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More on Interesting Times
Dave Jesse on June 3, 2016
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More on Interesting Times

On 20th May I wrote about “Interesting Times” and cited a helicopter accident that happened on 29th April in Norway. This blog is a comment on the investigation process, an update on that accident and a brief explanation of epicyclic transmissions for the non-rotor aviators.

Accident Investigations

There are commonly complaints in the media that, following an accident, there is no information coming out from “The Authorities”. The papers clamour for immediate answers, the television is full of experts expressing an opinion with little or no information to go on. The investigation process is referred to reluctantly with terms like “we will have to wait” and “it may be some time before we know”.
In the case of this accident, the Accident Investigation Board of Norway (AIBN) issued bulletins to report progress of the investigation on 1st, 2nd and 6th May then a preliminary report on 13th May, just two weeks after the accident. Since then further bulletins and two updates to the preliminary report have been issued.  For example, the 6th May bulletin showed the recovered components being spread out at the start of the investigation.

Crash Investigation

It appears to me that anyone interested in the investigation can follow not only the progress of the work being carried out, but also the safety actions being taken.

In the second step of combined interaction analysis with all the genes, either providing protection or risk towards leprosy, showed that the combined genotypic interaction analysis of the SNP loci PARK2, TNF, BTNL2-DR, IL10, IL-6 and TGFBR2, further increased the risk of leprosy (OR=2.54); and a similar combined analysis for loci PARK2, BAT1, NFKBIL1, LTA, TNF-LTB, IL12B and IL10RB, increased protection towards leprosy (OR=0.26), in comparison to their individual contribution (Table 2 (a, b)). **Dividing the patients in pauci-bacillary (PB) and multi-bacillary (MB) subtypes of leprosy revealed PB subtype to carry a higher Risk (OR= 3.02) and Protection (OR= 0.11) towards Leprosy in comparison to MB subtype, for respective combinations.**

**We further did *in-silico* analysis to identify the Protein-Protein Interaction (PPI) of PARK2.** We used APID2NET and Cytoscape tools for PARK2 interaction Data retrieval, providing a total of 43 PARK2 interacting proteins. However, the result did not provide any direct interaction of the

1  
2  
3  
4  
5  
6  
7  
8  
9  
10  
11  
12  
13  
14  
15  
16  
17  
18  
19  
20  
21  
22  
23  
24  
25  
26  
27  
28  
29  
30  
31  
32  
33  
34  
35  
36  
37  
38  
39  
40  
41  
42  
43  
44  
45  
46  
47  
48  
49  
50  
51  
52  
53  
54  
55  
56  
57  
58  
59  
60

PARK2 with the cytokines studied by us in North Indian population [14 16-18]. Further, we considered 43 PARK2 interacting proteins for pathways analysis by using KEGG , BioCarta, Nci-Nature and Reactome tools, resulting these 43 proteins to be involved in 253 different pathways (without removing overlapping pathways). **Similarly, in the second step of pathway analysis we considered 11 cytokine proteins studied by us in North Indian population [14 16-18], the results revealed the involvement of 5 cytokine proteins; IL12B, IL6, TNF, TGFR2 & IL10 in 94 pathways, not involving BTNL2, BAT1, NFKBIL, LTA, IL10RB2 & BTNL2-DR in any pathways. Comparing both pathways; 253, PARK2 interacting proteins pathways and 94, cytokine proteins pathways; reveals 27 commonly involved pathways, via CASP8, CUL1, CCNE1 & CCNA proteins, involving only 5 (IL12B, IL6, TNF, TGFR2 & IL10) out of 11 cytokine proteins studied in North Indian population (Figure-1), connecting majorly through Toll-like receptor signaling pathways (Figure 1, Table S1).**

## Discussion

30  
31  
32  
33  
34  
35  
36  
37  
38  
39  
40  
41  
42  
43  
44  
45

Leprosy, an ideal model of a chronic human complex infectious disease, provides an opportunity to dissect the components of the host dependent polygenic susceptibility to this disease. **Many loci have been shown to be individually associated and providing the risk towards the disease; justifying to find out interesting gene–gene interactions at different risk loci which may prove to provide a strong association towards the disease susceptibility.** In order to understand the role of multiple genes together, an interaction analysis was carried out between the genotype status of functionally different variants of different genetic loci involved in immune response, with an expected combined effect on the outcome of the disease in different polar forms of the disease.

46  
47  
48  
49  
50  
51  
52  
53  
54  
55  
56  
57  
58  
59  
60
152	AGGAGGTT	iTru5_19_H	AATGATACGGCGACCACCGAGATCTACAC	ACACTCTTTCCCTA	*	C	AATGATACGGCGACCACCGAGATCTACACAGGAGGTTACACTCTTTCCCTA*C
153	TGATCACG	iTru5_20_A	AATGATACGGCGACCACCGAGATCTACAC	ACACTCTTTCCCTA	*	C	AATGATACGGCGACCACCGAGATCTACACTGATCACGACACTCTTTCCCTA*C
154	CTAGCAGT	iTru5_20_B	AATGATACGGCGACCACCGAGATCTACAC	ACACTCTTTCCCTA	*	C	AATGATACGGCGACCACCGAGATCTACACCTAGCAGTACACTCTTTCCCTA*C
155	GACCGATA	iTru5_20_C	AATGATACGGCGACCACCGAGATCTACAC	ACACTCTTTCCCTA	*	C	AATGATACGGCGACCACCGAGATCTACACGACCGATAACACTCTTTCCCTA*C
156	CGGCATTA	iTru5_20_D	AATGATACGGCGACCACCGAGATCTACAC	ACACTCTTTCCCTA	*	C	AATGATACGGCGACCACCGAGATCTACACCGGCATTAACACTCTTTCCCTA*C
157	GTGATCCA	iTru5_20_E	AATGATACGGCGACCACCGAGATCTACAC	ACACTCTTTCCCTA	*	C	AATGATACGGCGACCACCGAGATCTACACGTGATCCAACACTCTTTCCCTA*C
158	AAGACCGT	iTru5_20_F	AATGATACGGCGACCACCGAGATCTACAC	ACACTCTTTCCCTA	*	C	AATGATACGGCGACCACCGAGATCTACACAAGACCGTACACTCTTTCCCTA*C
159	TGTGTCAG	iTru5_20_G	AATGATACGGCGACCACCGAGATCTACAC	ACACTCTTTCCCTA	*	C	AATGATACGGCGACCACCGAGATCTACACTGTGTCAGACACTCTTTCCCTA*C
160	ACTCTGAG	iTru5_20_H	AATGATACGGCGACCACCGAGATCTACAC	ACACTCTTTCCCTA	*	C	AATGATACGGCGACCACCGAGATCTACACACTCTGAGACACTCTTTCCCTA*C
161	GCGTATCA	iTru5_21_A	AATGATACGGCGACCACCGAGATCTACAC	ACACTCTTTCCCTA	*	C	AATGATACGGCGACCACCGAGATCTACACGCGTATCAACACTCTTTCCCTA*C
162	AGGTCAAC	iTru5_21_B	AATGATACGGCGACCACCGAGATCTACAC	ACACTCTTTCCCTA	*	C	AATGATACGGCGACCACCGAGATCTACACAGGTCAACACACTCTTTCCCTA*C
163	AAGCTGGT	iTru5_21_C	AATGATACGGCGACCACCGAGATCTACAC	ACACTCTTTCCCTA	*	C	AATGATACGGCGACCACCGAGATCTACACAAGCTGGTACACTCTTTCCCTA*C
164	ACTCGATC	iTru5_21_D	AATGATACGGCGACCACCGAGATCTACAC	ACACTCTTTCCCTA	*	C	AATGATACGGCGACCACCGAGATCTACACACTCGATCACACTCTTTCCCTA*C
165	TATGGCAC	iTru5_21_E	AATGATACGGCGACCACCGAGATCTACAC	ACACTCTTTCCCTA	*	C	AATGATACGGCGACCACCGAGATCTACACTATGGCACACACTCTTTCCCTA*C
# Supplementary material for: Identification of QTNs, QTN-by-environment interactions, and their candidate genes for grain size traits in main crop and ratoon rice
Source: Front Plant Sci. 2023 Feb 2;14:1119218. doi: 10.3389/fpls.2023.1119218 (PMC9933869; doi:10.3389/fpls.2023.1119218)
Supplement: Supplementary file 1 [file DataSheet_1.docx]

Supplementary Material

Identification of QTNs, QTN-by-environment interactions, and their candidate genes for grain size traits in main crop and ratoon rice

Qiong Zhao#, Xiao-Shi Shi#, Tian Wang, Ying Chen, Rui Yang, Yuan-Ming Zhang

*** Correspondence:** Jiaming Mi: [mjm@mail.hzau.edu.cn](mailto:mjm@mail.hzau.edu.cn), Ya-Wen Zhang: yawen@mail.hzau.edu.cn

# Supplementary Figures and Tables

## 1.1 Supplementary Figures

Probable Cause of this Accident

The cause of this accident appears to be related to metal fatigue in the components of the second stage planet gear. As someone who flew for many hours in a Super Puma (which is an earlier version of the accident aircraft, and has a similar transmission) this is a very worrying finding.

Epicyclic Gearboxes

For those who are saying epi-what-gear? I have to refer you to the best YouTube video of epicyclic transmissions that I have found here. There is some annoying music, so I recommend you turn the sound off, and skip to 2:10 where it deals with Stationary Element: Ring Gear. This is the configuration used on helicopters. The inner face of the gearbox casing supports the outer ring gear, and the sun gear in the middle is driven by the earlier stages of the transmission and engines. The planets can do nothing but roll between the sun and the annulus and the triangular planet carrier forms the output shaft of the gearbox.
On the H225 there are two stages of reduction like this with six and eight planets in the two stages.

Gears Image

Helicopters use epicyclic gears because they provide a high reduction ratio and the forces are shared across the planets, as eight planets will have one eighth of the tooth load of a reduction gear with only one tooth making contact at a time.

This Accident in Context

The world relies upon offshore oil for a significant part of our energy consumption, and the offshore oil industry relies upon helicopters, many of which have epicyclic transmissions. I wish all those investigating this accident, and those looking for a solution to prevent recurrence, good fortune with your endeavours.